By Ellen Parker
Eagle’s ending questions “What do you call connecting with nature, and the action of healing with and from nature?” have stirred me into responding. I resonate with Eagle’s frustration of finding a ‘meaning-full’ word for being in nature. I find the tension especially strained in our society that places so much emphasis on ‘doing’ instead of ‘being’. Do you notice often when introduced, the first question asked is “What do you do?” I realize it is our fumbling attempt to get to know each other, but for many of us who don’t have a ‘defined vocation’, it’s not a very inviting way to find out or share who we really are. I’ve been experimenting with other ‘ice breaking’ introduction questions, like “What gets you motivated to get out the door each morning?” or “How’s life these days for you?” I haven’t settled down with an ‘at ease’, quick, slip-off-the-tongue kind of question yet, though, so I’m open to suggestions.
Although, I do have a word to share with you for ‘being in nature’ from my German cultural heritage: ‘Spaziergang’. Like so many words the full meaning gets ‘lost in translation’. If you go to the dictionary, you’ll find it translated as going for a ‘walk’, or a ‘stroll’, or the one I like that gets closer to the deeper meaning is to ‘take a turn in the woods’. Let me illustrate by sharing my personal experience of going on a ‘Spaziergang’ or it is also a verb ‘spazieren’ with my extended family. Whenever we visit family in Germany, the common practice we have is to go ‘spazieren’ after a fine meal (which usually is a feast, because we, coming all the way from Canada, are the ‘special’ reason to gather the family together).
Imagine everyone rolling away from a groaning table of delectables and then offering politely to ‘help with the dishes’. No, my Tante replies firmly, first we need to have a ‘Spaziergang’ to ‘digest’ the meal (there always is a practical reason given), but the real reason is to truly ‘visit’ and ‘be’ with each other. (The dishes always get done faster anyway after a ‘Spaziergang’ — tidying tasks become ‘postlude’ activities to finish any lingering thoughts from the ‘Spaziergang’ with the grande finale being cozying into couches and easy chairs).
Of course the healthiest ‘spazieren’, at least in my extended family’s opinion, is to be strolling outside in the woods or in the park. Surprisingly the weather usually cooperates with sunshine, but we have been known to get out there with umbrellas and rain coats. We walk with all generations from cousins to Omas and Onkels, taking a pace that ebbs and flows, kids running back and forth, finding butterflies along the way, or Omas stopping to smell the roses (Onkels have been known to talk about which trees would make the best furniture or building material). We enter into not only conversation with each other, finding out how we ‘really’ are. One Tante will comment, ‘oh I see you’re not having as much trouble with your knee like you used to’ … the opening to finding out the struggles lived through and surpassed. We also enter into a kind of interaction with ‘all our relations’ — that which surrounds us and enfolds us.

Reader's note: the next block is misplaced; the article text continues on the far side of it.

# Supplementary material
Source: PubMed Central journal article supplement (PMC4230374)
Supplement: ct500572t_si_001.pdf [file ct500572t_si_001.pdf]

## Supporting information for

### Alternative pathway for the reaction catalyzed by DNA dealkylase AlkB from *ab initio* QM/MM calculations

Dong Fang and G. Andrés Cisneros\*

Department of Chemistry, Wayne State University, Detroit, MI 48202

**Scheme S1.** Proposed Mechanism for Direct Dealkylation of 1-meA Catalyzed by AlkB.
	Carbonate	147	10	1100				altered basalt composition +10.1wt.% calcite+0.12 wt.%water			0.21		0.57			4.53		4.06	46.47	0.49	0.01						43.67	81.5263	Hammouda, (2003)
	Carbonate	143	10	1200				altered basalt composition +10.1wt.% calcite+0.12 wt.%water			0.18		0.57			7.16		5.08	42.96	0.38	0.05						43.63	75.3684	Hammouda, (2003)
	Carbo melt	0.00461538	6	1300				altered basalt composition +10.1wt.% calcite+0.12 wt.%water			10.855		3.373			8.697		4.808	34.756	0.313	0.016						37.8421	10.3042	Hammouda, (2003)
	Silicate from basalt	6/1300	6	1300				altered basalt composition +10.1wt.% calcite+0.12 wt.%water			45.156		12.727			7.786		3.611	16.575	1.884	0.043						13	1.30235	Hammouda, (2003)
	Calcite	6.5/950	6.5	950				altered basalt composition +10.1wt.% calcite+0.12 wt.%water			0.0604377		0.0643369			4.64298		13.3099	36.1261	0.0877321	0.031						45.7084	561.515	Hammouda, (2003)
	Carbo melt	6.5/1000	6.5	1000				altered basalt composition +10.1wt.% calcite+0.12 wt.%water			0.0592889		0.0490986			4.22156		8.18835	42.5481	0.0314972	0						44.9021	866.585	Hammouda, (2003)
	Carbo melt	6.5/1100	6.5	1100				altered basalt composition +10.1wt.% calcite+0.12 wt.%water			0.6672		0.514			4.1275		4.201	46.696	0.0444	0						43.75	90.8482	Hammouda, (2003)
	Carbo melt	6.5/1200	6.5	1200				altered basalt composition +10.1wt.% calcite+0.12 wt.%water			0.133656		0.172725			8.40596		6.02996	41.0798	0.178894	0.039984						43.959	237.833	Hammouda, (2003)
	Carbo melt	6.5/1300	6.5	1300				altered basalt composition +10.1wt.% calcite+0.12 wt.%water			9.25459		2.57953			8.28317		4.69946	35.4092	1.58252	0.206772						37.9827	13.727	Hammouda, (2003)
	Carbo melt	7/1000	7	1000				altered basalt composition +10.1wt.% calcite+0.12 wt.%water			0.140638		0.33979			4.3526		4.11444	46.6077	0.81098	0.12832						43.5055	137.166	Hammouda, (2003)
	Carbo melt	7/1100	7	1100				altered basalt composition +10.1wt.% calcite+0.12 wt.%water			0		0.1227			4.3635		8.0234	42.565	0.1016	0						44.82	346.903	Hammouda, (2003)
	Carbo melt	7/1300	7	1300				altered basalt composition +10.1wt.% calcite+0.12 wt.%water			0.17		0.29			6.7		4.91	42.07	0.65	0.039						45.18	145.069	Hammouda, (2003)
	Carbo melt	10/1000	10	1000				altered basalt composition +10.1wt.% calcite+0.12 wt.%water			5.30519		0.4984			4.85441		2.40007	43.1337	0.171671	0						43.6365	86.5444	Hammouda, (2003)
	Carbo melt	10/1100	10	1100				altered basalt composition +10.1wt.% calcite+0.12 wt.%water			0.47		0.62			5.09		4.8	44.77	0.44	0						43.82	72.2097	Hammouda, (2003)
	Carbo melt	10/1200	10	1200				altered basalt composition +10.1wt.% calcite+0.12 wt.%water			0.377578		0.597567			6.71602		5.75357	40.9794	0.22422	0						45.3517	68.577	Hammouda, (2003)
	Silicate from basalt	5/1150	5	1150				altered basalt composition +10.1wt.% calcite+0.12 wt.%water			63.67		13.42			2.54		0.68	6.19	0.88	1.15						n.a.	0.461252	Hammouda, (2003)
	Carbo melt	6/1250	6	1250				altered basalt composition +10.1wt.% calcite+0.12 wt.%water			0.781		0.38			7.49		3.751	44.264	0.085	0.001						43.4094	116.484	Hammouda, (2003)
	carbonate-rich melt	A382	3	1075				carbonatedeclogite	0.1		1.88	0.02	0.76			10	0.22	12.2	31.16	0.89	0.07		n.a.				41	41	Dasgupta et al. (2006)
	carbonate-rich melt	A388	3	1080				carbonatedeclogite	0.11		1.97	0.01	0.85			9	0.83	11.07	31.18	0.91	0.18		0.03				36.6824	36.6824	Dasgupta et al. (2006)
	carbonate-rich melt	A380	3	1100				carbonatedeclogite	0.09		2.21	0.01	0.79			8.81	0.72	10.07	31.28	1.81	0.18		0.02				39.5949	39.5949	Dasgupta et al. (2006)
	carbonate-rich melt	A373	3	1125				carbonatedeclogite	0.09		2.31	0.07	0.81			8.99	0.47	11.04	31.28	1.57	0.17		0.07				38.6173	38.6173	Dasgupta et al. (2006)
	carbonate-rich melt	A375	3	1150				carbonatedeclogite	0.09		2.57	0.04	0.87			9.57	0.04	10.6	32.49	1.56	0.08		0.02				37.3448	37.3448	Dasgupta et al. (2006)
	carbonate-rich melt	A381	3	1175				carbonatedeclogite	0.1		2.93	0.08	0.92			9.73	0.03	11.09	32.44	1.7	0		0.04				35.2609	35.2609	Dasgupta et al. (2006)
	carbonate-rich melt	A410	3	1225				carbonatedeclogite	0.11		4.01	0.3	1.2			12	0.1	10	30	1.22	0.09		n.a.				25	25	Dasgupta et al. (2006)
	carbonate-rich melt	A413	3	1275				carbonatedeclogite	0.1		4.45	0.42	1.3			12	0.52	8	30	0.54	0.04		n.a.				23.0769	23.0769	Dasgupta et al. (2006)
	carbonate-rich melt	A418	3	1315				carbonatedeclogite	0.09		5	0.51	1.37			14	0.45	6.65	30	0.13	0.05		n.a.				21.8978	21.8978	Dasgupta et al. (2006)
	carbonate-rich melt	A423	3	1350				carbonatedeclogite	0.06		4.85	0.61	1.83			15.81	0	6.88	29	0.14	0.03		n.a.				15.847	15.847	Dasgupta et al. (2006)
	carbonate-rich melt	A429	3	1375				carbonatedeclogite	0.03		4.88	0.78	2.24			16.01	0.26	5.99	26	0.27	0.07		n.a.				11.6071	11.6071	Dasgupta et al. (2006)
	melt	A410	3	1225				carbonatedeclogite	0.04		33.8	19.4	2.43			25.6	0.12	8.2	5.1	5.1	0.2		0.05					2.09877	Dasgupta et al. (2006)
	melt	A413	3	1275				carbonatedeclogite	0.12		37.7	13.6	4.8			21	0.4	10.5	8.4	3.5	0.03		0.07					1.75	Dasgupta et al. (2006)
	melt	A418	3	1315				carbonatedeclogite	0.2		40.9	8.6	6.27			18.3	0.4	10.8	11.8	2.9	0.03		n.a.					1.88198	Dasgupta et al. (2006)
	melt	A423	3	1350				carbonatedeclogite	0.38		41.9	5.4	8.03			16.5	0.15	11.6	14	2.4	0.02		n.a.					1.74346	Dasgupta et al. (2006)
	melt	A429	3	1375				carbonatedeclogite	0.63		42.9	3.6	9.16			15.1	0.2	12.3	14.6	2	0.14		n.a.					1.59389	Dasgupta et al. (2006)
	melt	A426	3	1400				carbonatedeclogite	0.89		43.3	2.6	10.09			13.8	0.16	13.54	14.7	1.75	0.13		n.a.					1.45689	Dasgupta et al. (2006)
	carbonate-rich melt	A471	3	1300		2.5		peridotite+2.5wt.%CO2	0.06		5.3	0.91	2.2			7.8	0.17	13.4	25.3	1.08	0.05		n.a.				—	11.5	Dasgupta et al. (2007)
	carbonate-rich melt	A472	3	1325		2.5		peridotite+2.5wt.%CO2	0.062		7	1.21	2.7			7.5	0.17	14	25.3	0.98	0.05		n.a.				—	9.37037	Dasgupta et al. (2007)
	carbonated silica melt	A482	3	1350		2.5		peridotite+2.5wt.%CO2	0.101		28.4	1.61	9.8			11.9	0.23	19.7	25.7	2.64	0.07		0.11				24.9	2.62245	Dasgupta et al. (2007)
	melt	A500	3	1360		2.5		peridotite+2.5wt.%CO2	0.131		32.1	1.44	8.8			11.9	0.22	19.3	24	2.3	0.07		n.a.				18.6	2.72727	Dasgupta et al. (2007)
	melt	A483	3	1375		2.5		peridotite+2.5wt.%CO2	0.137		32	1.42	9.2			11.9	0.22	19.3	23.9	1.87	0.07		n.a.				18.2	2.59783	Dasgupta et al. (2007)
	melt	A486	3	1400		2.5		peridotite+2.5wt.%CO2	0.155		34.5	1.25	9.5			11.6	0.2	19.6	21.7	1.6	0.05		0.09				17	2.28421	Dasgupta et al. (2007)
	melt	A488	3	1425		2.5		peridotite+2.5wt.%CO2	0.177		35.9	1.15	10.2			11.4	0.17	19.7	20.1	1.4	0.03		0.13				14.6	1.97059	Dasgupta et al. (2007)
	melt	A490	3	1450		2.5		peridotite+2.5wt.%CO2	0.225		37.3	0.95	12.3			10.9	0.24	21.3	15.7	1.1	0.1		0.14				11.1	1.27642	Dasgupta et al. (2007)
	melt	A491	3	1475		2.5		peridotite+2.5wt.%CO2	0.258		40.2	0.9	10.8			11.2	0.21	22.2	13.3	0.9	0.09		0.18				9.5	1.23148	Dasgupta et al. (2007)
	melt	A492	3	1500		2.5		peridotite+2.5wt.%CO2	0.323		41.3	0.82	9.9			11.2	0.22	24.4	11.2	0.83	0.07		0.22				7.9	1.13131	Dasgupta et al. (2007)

There is an implicit and notable understanding that we are ‘breathing in’ the life that is around us and within us. There is an easy flow between queries of personal health, ‘nature observation’, and healing. Conversation is peppered with remarks made about ‘ah, smell that wonderful pine’ or if we are in the park, ‘look how well the rhododendrons are blooming this spring’ (everyone gets an education in botany, biology, and gardening along the way too). We are healed, made whole again and again. Our lives have been so graced by such ‘spazieren’; my family history is interwoven with place, time, and ‘nature presentness’.
It is a living legacy. This practice embodies me now, especially since my Omas and Opas, many Onkels and Tantes, and my parents too are gone from this world of ‘matter’, yet their very ‘beingness’ embraces me and infuses every breath I take, because I know what it is to be on a ‘Spaziergang’ with them. There is no separation.